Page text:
Harrison Thought, Sept. 5
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Week 1 Thoughts
- Fiutak: Bring on Savannah
- Cirminiello: Oregon & Kelly
keep on rolling
- Zemek: It's not time for top
teams to worry ... yet
Harrison: Penn State and Ohio State, welcome to your new eras
- Mitchell: SEC East stumbles
- Johnson: The ACC's rocky opener
By Phil Harrison
The Polar Opposite Debuts of Urban Meyer and Bill O'Brien
Follow me on Twitter @PhilHarrisonCFN
There are new sheriffs in town with two of the most storied programs in the history of college football. But aside from Ohio State and Penn State being two of the blue-bloods of the sport, the situations and expectations surrounding each are as different as fire and ice.
On the banks of the Olentangy, Saturday was met with enthusiasm and excitement for a fan base that is still wobbly on their feet after being clocked by a tattoo scandal and subsequent dismissal of their sweater-vest wearing coach. Last year, the program spent what felt like an eternity in college football purgatory, just waiting to pay some penance and move on to bigger and better things. The team squeaked into a bowl, only to fall to one of its arch nemesis in yet another SEC squad--Florida. The team finished with a losing season for the first time since John Cooper took over the reigns of the program back in 1988.
But the page has turned, and despite the one-season bowl ban, the anxiety level has waned in Columbus, and it has birthed a level of anticipation fit for a Block-O party.
And party they did on Saturday. Urban Meyer's crew started out of the gates slow, but kicked things into high gear beginning in the second quarter and then unleashed points in bushels. When the pixie dust settled, OSU had waxed the Miami Redhawks by a score of 56-10. The offense was fast-paced, efficient, and full of big plays.
Probably the most appreciated aspect of the new regime was a change in demeanor and attitude of the players donning the silver helmets. Conservative play-calling was thumbed at by the new head man, field goals were a second priority to touchdowns, and once a lead was forged there wasn't a sweater-vest attitude to be found anywhere. Instead, the Meyer approach was to step on the throat of the opponent and put them away. Suffice it to say many Redhawk players are having problems speaking today.
Things are still building in Columbus, but the blueprints and artist renderings appear to be pointing towards a Taj-Mahal type of program. And at the epicenter of it all is one Urban Frank Meyer.
In the state just to the east of Ohio however, things are much different. Bill O'Brien has been given the keys to the program, but its like getting the keys to a cadillac that has been stolen, stripped down, and left tattered and beaten by the side of the road.
Unlike Ohio State, Penn State is still entering a storm that may not pass for quite some time. Off the field, Jerry Sundusky has been convicted, and many more legal actions are beginning. They'll likely continue for years to come. In addition, the football team--seen as a symbol of the heinous acts that occurred on campus--has been slapped with a four year bowl ban and scholarship reductions among other penalties. This all after it had concluded its search for a head man to navigate the rough waters ahead. That man's name is Bill O'Brien.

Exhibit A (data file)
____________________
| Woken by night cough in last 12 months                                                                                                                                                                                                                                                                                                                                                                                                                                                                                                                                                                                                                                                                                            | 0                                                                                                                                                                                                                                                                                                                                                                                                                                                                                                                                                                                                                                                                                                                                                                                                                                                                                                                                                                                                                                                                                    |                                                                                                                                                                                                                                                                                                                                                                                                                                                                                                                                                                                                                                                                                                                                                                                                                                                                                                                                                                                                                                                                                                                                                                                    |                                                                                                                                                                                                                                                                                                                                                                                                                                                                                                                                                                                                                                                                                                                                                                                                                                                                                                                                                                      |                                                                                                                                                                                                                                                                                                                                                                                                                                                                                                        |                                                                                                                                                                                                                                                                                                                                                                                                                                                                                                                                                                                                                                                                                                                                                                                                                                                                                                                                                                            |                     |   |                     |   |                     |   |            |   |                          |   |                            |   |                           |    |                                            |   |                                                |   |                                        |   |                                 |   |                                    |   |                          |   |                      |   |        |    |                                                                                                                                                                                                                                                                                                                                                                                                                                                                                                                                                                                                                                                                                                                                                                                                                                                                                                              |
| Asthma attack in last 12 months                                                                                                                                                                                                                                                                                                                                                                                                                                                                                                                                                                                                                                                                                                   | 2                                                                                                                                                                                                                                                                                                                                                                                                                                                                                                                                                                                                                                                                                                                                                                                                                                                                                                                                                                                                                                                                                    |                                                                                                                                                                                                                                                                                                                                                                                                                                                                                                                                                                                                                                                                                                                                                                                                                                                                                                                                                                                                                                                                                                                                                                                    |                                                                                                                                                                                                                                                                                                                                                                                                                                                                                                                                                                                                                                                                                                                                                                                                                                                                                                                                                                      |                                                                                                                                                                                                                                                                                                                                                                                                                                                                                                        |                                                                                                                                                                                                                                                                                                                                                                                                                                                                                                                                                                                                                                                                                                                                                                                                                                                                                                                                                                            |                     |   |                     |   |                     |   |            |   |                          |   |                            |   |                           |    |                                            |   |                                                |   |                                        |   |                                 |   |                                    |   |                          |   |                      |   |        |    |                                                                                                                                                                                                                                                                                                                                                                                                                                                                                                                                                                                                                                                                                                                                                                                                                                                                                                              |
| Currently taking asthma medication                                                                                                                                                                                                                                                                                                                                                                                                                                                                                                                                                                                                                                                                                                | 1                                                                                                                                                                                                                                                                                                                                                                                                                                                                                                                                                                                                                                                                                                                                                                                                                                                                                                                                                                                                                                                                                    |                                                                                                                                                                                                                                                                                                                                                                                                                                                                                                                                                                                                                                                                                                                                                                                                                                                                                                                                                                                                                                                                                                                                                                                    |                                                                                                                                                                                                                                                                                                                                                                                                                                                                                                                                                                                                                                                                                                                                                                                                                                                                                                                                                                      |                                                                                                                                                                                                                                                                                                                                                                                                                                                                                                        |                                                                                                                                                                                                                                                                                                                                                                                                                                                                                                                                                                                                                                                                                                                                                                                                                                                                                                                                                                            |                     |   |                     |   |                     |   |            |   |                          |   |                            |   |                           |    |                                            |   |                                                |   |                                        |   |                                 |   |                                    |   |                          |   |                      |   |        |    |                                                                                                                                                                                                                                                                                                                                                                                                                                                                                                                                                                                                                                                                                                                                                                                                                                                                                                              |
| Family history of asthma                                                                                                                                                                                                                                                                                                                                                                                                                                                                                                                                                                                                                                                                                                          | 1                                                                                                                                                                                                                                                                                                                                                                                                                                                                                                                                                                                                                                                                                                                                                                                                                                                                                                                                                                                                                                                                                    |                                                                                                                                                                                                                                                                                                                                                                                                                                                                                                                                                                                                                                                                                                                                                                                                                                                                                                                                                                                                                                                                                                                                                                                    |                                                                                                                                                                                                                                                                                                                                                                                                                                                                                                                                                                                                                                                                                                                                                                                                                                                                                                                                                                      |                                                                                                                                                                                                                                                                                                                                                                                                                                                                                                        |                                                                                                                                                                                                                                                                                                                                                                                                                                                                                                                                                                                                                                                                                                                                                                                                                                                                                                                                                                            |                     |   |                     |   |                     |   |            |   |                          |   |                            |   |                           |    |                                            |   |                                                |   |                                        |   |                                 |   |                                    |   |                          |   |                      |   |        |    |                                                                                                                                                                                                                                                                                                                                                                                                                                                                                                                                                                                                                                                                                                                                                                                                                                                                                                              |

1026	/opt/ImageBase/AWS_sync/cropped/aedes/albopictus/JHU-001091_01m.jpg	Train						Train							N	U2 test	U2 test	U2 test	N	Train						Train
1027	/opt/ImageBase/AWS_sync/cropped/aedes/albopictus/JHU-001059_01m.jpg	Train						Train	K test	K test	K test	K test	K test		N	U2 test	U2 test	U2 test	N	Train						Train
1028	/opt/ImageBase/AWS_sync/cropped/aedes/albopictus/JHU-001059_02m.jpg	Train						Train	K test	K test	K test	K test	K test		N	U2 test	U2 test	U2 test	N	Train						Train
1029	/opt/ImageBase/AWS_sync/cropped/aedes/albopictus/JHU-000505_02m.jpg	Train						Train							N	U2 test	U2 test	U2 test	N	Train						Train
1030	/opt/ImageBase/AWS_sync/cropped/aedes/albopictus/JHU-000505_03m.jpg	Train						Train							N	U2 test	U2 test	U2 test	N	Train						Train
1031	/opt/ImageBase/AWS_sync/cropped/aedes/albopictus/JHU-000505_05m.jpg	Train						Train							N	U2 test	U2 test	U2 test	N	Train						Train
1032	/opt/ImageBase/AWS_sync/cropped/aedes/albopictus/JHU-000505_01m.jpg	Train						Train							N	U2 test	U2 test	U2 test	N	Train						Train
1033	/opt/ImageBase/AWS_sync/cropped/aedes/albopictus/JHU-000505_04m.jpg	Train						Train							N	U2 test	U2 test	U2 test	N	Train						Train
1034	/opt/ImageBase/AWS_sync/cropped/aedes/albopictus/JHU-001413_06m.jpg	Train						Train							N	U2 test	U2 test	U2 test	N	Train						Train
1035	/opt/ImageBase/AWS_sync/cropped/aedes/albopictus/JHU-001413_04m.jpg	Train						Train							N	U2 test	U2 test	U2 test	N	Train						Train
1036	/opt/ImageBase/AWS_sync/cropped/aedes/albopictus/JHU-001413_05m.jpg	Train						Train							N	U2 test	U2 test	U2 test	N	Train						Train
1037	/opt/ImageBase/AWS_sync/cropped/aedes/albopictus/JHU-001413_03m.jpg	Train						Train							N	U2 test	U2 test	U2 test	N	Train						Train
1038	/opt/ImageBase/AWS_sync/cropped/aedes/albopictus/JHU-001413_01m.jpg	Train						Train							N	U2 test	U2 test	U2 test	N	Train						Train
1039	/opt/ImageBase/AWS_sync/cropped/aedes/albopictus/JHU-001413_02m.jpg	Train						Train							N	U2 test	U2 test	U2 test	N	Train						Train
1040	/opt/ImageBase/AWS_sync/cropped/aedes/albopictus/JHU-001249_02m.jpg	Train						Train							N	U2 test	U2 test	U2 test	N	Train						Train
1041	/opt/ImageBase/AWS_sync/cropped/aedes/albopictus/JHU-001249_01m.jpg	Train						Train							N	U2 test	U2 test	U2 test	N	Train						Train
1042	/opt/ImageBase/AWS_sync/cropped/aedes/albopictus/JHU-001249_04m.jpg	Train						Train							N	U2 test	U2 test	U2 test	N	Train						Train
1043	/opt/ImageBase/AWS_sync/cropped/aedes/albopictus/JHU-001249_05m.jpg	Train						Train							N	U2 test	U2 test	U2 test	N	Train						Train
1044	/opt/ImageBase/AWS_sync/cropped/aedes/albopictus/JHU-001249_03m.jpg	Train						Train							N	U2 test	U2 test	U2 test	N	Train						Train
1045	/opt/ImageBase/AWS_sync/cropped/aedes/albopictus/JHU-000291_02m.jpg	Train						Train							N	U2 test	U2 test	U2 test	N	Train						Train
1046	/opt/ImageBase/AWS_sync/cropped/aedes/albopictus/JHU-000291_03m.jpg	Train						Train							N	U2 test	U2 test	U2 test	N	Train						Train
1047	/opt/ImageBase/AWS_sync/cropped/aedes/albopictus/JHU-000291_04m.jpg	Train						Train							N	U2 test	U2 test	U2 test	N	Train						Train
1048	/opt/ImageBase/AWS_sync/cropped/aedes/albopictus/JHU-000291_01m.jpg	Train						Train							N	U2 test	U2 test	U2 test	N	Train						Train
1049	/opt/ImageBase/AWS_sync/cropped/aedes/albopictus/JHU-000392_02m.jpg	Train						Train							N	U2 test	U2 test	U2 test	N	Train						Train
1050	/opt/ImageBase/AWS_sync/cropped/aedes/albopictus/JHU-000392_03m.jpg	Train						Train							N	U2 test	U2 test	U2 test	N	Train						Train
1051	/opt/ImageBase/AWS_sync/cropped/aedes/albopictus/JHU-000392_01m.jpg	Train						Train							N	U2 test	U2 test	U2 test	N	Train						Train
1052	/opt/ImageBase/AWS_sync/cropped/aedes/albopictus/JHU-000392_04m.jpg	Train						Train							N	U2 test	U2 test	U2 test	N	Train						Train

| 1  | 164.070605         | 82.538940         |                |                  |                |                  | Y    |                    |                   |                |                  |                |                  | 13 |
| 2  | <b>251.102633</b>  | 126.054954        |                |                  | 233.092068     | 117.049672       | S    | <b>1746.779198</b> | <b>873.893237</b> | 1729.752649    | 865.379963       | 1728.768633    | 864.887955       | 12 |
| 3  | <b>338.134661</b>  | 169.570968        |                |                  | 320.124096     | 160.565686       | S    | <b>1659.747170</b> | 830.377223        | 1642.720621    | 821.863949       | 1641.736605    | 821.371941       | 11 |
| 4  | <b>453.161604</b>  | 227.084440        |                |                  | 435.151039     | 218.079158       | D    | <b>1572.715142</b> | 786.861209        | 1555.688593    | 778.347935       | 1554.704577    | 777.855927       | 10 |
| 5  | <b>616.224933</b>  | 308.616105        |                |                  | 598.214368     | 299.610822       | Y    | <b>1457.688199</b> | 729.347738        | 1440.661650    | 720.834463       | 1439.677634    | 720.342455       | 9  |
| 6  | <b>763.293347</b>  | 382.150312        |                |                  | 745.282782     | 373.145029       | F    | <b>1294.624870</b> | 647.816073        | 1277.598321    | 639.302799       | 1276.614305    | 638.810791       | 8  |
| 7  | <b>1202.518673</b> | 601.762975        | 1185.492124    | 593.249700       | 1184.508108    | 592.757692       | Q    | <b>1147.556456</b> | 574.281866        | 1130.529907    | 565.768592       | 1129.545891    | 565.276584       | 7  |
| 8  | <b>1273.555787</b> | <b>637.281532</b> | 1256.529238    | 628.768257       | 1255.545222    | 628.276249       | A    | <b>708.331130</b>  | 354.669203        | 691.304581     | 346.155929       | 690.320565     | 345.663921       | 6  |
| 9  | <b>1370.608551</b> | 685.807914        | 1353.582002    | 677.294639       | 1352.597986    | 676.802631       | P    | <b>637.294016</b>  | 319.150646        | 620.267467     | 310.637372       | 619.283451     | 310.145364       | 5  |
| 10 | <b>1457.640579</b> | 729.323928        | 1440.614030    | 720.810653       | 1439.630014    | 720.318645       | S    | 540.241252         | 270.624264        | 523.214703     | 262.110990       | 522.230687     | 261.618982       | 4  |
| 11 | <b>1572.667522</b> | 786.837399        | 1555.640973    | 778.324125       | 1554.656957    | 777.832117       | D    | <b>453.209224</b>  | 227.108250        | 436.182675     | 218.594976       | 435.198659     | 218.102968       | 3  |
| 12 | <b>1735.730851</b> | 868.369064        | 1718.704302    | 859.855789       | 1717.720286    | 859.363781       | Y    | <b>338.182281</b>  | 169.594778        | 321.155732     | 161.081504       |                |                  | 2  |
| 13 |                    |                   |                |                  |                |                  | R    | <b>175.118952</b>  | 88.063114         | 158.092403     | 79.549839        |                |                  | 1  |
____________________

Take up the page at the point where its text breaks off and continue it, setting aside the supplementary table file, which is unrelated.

O'Brien, much like Meyer, also had his christening this past weekend to much less fanfare because of the magnitude of what transpired prior. Despite it all, there appeared to still a bit of optimism abounding. Sure there were a few meaningful defections from the team, but there's still enough talent on the Penn State roster to play some decent football in 2012. The defense still has NFL talent, and the offense--though not a juggernaut by any means--has enough horses to manage a game and take advantage of what the defense hands it. After all, Bill O'Brien has brought an NFL game to town, holstered and loaded for bear.
But the Penn State team fired nothing but blanks on Saturday.
The Nittany Lions lost to an Ohio team that, while a very solid MAC squad that might contend for a league title, had no business coming into State College and pushing the Penn State team around. It didn't look that way at first as Penn State got out to a fast start. But then, as if simply weary from the haymakers and uppercuts from what the community had been through, this PSU team looked to wear down. And when all of the shouting stopped, the scoreboard showed that Penn State had lost--this time not as consequential as it had when things all went wrong in life--but in the form of a game played by young men. A game that it thought could still be played with enough talent to postpone the sand that was inevitably running out of the hour glass.
Let the slide begin.
It's going to be a long, long time before Penn State is relevant in the college football world, and it appears to be happening sooner rather than later. The storm clouds have rolled in, and everyone had better batten down the hatches because the eye is still coming on shore--both on the field and off of it. Bill O'Brien appears to be a solid citizen, and he may just be the right man to get through this dim forecast that has been laid out before him.
And nobody is envious.